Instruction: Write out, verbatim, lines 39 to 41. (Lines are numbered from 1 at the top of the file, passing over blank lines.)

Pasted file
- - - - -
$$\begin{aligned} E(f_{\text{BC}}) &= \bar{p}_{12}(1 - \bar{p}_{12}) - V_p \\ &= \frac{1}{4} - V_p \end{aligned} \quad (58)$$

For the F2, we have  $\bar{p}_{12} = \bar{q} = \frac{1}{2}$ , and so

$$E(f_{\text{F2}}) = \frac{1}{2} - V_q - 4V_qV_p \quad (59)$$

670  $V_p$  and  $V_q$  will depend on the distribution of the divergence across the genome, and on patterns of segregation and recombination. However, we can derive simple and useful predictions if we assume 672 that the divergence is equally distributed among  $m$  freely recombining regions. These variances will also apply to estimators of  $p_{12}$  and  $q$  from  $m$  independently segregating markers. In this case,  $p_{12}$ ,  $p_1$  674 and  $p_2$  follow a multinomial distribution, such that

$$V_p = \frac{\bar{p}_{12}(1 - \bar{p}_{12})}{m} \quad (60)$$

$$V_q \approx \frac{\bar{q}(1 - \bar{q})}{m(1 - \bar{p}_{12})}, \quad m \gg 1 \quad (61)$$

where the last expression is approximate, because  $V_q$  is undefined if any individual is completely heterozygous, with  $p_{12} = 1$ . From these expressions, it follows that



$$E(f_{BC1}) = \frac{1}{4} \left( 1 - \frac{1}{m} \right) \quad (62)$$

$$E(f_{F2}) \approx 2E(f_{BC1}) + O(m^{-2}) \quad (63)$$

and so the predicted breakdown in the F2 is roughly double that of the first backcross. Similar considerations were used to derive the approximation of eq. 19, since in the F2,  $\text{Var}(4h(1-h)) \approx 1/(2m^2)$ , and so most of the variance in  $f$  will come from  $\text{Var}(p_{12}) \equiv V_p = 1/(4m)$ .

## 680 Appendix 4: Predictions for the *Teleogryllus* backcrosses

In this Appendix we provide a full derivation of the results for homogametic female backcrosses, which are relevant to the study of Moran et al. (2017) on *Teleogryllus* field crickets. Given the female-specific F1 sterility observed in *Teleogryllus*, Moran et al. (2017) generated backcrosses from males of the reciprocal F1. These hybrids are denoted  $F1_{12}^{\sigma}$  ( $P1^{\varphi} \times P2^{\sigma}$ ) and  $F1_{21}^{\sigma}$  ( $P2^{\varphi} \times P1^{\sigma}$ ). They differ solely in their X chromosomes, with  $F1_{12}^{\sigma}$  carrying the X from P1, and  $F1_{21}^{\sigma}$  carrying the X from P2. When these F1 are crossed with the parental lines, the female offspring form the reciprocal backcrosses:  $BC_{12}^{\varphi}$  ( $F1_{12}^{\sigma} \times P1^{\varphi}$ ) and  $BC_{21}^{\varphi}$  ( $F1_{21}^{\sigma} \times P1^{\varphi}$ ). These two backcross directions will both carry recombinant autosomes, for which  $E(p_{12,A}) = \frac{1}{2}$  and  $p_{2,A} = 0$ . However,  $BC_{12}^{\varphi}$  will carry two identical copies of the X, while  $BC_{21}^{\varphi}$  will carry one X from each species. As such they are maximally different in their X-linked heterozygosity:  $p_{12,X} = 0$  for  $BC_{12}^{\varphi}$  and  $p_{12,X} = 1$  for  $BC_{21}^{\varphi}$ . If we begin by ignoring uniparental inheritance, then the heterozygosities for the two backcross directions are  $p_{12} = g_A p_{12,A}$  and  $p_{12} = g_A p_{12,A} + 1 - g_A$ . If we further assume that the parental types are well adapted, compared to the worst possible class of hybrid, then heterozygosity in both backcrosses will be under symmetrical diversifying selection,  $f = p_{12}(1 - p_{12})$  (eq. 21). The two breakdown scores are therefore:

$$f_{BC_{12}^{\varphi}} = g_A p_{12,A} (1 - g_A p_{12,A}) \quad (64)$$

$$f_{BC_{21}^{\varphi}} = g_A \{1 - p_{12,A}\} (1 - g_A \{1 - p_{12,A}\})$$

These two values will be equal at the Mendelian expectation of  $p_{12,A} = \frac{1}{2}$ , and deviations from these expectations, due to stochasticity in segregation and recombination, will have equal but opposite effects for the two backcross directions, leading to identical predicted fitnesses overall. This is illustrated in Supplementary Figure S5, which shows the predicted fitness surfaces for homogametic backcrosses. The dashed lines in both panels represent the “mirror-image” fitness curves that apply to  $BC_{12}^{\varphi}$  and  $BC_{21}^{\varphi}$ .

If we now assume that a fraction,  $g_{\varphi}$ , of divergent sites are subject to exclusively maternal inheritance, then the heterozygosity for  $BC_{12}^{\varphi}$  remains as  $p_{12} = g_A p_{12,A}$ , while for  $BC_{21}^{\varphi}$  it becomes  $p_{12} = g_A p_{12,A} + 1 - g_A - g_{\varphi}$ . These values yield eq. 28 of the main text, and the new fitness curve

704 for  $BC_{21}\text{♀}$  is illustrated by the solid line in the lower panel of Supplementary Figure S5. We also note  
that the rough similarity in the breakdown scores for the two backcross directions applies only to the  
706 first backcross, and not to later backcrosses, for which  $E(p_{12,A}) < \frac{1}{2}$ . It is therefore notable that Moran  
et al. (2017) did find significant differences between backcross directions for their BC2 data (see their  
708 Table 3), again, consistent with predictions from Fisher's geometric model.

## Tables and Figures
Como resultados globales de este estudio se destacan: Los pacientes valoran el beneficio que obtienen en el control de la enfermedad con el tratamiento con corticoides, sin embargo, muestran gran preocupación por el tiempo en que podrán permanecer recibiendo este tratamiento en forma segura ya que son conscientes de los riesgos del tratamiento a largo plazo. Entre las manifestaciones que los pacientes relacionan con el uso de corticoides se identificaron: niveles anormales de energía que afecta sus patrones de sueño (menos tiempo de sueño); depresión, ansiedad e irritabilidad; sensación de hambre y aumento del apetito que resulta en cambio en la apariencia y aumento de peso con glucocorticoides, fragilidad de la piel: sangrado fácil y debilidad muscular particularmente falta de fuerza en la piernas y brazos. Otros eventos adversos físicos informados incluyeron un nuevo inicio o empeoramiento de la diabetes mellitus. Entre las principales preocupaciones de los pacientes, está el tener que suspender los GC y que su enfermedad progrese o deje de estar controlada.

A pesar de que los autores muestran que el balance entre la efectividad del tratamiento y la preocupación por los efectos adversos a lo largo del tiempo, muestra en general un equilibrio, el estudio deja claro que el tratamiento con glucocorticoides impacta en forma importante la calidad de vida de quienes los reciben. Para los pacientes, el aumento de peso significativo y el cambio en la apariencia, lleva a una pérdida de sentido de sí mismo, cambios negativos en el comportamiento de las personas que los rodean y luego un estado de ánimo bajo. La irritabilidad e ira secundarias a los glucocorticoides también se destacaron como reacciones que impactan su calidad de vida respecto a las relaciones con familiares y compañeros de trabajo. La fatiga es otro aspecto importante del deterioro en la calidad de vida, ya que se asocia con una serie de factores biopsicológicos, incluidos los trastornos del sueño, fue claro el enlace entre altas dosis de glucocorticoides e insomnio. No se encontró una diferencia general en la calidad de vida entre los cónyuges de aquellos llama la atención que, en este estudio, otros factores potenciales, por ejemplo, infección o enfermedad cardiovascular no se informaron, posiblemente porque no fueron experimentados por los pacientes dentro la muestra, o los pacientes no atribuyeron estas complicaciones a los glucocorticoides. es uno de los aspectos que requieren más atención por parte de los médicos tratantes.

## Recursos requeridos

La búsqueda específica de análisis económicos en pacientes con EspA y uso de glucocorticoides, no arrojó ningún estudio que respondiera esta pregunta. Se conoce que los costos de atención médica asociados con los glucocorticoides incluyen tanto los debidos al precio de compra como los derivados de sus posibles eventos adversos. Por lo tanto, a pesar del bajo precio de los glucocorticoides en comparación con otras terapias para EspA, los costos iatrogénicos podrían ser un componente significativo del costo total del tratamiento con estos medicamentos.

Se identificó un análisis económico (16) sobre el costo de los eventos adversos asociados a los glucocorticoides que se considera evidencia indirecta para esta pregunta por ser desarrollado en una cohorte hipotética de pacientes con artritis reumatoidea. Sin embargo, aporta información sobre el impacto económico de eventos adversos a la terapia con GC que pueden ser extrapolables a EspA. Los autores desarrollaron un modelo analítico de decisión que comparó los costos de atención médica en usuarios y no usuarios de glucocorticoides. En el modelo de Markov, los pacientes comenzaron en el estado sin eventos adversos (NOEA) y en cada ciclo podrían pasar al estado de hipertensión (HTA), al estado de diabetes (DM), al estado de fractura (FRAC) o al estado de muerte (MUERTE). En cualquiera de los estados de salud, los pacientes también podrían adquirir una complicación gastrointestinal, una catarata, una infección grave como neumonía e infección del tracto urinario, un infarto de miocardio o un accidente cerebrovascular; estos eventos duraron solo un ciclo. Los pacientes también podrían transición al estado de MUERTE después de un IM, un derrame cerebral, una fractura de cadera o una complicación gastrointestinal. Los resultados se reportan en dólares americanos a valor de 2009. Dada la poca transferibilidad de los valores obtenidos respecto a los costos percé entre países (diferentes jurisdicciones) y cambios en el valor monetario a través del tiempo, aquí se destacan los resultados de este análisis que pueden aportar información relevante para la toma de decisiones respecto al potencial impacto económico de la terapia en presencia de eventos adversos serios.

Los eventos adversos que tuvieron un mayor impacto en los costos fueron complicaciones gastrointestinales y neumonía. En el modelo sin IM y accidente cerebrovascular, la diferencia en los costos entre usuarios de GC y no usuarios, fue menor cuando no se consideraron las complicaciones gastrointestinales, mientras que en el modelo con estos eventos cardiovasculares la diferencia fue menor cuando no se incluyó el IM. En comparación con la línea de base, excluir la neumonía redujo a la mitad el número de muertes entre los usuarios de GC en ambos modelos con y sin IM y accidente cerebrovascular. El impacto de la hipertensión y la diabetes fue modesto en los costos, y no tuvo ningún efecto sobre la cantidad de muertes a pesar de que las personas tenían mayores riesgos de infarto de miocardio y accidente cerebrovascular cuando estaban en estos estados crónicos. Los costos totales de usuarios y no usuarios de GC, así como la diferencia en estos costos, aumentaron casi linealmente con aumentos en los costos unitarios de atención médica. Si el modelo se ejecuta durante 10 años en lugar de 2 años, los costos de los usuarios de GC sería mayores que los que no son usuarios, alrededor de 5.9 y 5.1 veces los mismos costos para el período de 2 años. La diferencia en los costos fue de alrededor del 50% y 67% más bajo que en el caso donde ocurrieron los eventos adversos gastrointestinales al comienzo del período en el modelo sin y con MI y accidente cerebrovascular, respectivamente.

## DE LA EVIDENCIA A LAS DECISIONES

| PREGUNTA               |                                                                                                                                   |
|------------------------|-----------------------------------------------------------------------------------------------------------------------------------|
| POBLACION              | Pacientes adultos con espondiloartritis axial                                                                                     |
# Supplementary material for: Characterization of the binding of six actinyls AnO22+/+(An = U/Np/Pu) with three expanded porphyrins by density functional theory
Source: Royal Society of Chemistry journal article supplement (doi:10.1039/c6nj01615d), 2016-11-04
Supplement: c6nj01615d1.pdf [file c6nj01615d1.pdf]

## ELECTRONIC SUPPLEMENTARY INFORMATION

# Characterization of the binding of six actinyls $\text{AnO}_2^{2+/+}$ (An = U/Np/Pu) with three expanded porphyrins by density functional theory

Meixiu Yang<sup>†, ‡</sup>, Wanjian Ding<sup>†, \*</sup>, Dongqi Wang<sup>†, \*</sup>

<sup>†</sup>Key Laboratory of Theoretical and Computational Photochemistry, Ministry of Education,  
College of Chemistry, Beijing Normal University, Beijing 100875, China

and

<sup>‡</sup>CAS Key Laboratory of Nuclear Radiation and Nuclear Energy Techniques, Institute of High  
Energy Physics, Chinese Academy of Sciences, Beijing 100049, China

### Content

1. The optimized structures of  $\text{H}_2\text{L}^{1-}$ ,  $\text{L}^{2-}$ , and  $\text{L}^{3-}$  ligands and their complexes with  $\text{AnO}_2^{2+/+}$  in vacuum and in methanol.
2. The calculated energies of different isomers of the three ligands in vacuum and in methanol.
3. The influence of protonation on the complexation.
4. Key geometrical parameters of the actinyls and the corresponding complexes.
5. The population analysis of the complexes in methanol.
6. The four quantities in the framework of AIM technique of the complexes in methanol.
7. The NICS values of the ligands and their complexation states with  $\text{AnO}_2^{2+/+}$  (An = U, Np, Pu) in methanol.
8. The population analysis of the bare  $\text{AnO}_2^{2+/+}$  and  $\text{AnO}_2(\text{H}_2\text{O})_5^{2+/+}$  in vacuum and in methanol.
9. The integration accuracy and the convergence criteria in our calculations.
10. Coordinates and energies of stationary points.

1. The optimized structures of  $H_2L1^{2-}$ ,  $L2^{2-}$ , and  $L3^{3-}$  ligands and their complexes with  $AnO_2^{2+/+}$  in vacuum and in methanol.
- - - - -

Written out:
<sup>†</sup>Key Laboratory of Theoretical and Computational Photochemistry, Ministry of Education,  
College of Chemistry, Beijing Normal University, Beijing 100875, China

and